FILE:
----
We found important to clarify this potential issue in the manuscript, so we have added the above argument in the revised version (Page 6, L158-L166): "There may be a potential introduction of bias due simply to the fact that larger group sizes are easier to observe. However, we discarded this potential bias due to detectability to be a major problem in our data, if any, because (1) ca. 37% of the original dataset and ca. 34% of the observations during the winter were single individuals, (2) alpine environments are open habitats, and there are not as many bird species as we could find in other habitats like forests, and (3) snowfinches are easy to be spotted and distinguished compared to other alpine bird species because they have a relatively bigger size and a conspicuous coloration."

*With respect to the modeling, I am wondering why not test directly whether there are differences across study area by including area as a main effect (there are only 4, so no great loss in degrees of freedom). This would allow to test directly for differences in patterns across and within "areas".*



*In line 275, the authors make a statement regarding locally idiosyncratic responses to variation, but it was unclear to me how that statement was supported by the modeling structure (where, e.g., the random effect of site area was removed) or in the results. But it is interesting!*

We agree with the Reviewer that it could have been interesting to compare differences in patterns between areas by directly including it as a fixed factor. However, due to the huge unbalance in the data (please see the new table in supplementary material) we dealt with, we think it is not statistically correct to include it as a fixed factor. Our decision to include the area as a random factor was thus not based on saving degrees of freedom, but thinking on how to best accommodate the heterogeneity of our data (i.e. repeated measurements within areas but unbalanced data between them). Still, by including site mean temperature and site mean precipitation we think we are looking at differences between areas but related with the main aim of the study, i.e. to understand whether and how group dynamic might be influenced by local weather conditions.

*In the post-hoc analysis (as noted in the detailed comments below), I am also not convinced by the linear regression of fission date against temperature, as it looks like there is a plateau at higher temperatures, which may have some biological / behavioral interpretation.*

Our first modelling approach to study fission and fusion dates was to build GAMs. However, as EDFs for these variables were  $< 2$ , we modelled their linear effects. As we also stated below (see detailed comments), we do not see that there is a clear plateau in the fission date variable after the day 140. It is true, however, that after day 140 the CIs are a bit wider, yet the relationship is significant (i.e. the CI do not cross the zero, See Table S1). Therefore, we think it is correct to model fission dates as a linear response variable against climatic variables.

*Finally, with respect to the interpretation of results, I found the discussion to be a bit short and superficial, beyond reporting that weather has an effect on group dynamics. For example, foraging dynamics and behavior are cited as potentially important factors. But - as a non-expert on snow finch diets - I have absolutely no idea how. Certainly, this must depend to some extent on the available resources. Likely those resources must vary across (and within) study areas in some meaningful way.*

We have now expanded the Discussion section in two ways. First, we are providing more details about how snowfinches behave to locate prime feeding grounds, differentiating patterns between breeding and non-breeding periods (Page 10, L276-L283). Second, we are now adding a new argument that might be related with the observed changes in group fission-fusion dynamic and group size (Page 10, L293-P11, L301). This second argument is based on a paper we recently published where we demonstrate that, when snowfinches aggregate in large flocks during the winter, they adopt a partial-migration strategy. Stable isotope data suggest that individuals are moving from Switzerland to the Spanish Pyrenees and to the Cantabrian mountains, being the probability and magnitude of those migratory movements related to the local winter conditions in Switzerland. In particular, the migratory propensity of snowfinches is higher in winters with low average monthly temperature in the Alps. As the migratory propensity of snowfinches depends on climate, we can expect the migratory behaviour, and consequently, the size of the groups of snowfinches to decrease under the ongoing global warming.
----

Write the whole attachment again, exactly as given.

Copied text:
We found important to clarify this potential issue in the manuscript, so we have added the above argument in the revised version (Page 6, L158-L166): "There may be a potential introduction of bias due simply to the fact that larger group sizes are easier to observe. However, we discarded this potential bias due to detectability to be a major problem in our data, if any, because (1) ca. 37% of the original dataset and ca. 34% of the observations during the winter were single individuals, (2) alpine environments are open habitats, and there are not as many bird species as we could find in other habitats like forests, and (3) snowfinches are easy to be spotted and distinguished compared to other alpine bird species because they have a relatively bigger size and a conspicuous coloration."

*With respect to the modeling, I am wondering why not test directly whether there are differences across study area by including area as a main effect (there are only 4, so no great loss in degrees of freedom). This would allow to test directly for differences in patterns across and within "areas".*



*In line 275, the authors make a statement regarding locally idiosyncratic responses to variation, but it was unclear to me how that statement was supported by the modeling structure (where, e.g., the random effect of site area was removed) or in the results. But it is interesting!*

We agree with the Reviewer that it could have been interesting to compare differences in patterns between areas by directly including it as a fixed factor. However, due to the huge unbalance in the data (please see the new table in supplementary material) we dealt with, we think it is not statistically correct to include it as a fixed factor. Our decision to include the area as a random factor was thus not based on saving degrees of freedom, but thinking on how to best accommodate the heterogeneity of our data (i.e. repeated measurements within areas but unbalanced data between them). Still, by including site mean temperature and site mean precipitation we think we are looking at differences between areas but related with the main aim of the study, i.e. to understand whether and how group dynamic might be influenced by local weather conditions.

*In the post-hoc analysis (as noted in the detailed comments below), I am also not convinced by the linear regression of fission date against temperature, as it looks like there is a plateau at higher temperatures, which may have some biological / behavioral interpretation.*

Our first modelling approach to study fission and fusion dates was to build GAMs. However, as EDFs for these variables were  $< 2$ , we modelled their linear effects. As we also stated below (see detailed comments), we do not see that there is a clear plateau in the fission date variable after the day 140. It is true, however, that after day 140 the CIs are a bit wider, yet the relationship is significant (i.e. the CI do not cross the zero, See Table S1). Therefore, we think it is correct to model fission dates as a linear response variable against climatic variables.

*Finally, with respect to the interpretation of results, I found the discussion to be a bit short and superficial, beyond reporting that weather has an effect on group dynamics. For example, foraging dynamics and behavior are cited as potentially important factors. But - as a non-expert on snow finch diets - I have absolutely no idea how. Certainly, this must depend to some extent on the available resources. Likely those resources must vary across (and within) study areas in some meaningful way.*

We have now expanded the Discussion section in two ways. First, we are providing more details about how snowfinches behave to locate prime feeding grounds, differentiating patterns between breeding and non-breeding periods (Page 10, L276-L283). Second, we are now adding a new argument that might be related with the observed changes in group fission-fusion dynamic and group size (Page 10, L293-P11, L301). This second argument is based on a paper we recently published where we demonstrate that, when snowfinches aggregate in large flocks during the winter, they adopt a partial-migration strategy. Stable isotope data suggest that individuals are moving from Switzerland to the Spanish Pyrenees and to the Cantabrian mountains, being the probability and magnitude of those migratory movements related to the local winter conditions in Switzerland. In particular, the migratory propensity of snowfinches is higher in winters with low average monthly temperature in the Alps. As the migratory propensity of snowfinches depends on climate, we can expect the migratory behaviour, and consequently, the size of the groups of snowfinches to decrease under the ongoing global warming.